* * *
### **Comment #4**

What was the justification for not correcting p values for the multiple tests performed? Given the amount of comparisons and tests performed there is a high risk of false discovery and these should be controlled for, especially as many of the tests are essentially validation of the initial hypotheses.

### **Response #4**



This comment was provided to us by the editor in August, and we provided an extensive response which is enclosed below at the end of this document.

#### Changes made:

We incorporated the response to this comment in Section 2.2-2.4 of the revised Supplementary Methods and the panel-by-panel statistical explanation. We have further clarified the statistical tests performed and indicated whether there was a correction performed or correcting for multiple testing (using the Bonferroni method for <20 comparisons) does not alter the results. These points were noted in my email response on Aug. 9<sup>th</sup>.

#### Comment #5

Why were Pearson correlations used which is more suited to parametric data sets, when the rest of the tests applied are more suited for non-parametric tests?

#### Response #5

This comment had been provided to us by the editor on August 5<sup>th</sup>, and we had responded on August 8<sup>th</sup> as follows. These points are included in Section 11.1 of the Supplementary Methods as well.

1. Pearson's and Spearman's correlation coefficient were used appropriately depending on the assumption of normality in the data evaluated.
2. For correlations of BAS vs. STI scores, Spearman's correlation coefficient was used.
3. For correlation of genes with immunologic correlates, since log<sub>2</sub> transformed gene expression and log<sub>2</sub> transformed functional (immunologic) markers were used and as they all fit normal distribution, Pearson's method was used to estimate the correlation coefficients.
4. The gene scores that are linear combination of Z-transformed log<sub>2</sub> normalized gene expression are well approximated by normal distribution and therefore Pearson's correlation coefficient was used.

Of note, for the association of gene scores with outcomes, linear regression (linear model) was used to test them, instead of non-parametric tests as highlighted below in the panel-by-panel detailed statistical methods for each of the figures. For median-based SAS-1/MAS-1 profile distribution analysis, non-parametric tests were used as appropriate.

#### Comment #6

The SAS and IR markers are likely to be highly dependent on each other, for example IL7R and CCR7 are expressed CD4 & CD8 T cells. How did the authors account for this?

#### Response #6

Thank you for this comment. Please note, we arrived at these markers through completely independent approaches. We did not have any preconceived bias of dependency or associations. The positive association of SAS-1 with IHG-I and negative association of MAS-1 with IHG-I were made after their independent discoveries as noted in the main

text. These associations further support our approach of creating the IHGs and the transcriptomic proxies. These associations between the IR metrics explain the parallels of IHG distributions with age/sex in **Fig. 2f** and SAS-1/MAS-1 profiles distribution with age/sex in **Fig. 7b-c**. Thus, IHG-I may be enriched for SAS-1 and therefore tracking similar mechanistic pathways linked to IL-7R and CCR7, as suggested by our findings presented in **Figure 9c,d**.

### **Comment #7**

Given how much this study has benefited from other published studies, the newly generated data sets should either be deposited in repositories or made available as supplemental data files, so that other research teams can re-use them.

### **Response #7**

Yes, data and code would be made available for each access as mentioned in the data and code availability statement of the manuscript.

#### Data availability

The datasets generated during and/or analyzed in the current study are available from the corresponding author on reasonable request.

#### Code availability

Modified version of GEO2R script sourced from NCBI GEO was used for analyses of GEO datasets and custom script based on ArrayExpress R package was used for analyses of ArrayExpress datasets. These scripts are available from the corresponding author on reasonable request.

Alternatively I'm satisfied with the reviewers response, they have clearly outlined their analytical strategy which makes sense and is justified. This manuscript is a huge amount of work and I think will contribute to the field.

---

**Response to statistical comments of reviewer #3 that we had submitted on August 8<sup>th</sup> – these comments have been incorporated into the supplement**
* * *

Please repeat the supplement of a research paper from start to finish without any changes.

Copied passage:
### **Comment #4**

What was the justification for not correcting p values for the multiple tests performed? Given the amount of comparisons and tests performed there is a high risk of false discovery and these should be controlled for, especially as many of the tests are essentially validation of the initial hypotheses.

### **Response #4**



This comment was provided to us by the editor in August, and we provided an extensive response which is enclosed below at the end of this document.

#### Changes made:

We incorporated the response to this comment in Section 2.2-2.4 of the revised Supplementary Methods and the panel-by-panel statistical explanation. We have further clarified the statistical tests performed and indicated whether there was a correction performed or correcting for multiple testing (using the Bonferroni method for <20 comparisons) does not alter the results. These points were noted in my email response on Aug. 9<sup>th</sup>.

#### Comment #5

Why were Pearson correlations used which is more suited to parametric data sets, when the rest of the tests applied are more suited for non-parametric tests?

#### Response #5

This comment had been provided to us by the editor on August 5<sup>th</sup>, and we had responded on August 8<sup>th</sup> as follows. These points are included in Section 11.1 of the Supplementary Methods as well.

1. Pearson's and Spearman's correlation coefficient were used appropriately depending on the assumption of normality in the data evaluated.
2. For correlations of BAS vs. STI scores, Spearman's correlation coefficient was used.
3. For correlation of genes with immunologic correlates, since log<sub>2</sub> transformed gene expression and log<sub>2</sub> transformed functional (immunologic) markers were used and as they all fit normal distribution, Pearson's method was used to estimate the correlation coefficients.
4. The gene scores that are linear combination of Z-transformed log<sub>2</sub> normalized gene expression are well approximated by normal distribution and therefore Pearson's correlation coefficient was used.

Of note, for the association of gene scores with outcomes, linear regression (linear model) was used to test them, instead of non-parametric tests as highlighted below in the panel-by-panel detailed statistical methods for each of the figures. For median-based SAS-1/MAS-1 profile distribution analysis, non-parametric tests were used as appropriate.

#### Comment #6

The SAS and IR markers are likely to be highly dependent on each other, for example IL7R and CCR7 are expressed CD4 & CD8 T cells. How did the authors account for this?

#### Response #6

Thank you for this comment. Please note, we arrived at these markers through completely independent approaches. We did not have any preconceived bias of dependency or associations. The positive association of SAS-1 with IHG-I and negative association of MAS-1 with IHG-I were made after their independent discoveries as noted in the main

text. These associations further support our approach of creating the IHGs and the transcriptomic proxies. These associations between the IR metrics explain the parallels of IHG distributions with age/sex in **Fig. 2f** and SAS-1/MAS-1 profiles distribution with age/sex in **Fig. 7b-c**. Thus, IHG-I may be enriched for SAS-1 and therefore tracking similar mechanistic pathways linked to IL-7R and CCR7, as suggested by our findings presented in **Figure 9c,d**.

### **Comment #7**

Given how much this study has benefited from other published studies, the newly generated data sets should either be deposited in repositories or made available as supplemental data files, so that other research teams can re-use them.

### **Response #7**

Yes, data and code would be made available for each access as mentioned in the data and code availability statement of the manuscript.

#### Data availability

The datasets generated during and/or analyzed in the current study are available from the corresponding author on reasonable request.

#### Code availability

Modified version of GEO2R script sourced from NCBI GEO was used for analyses of GEO datasets and custom script based on ArrayExpress R package was used for analyses of ArrayExpress datasets. These scripts are available from the corresponding author on reasonable request.

Alternatively I'm satisfied with the reviewers response, they have clearly outlined their analytical strategy which makes sense and is justified. This manuscript is a huge amount of work and I think will contribute to the field.

---

**Response to statistical comments of reviewer #3 that we had submitted on August 8<sup>th</sup> – these comments have been incorporated into the supplement**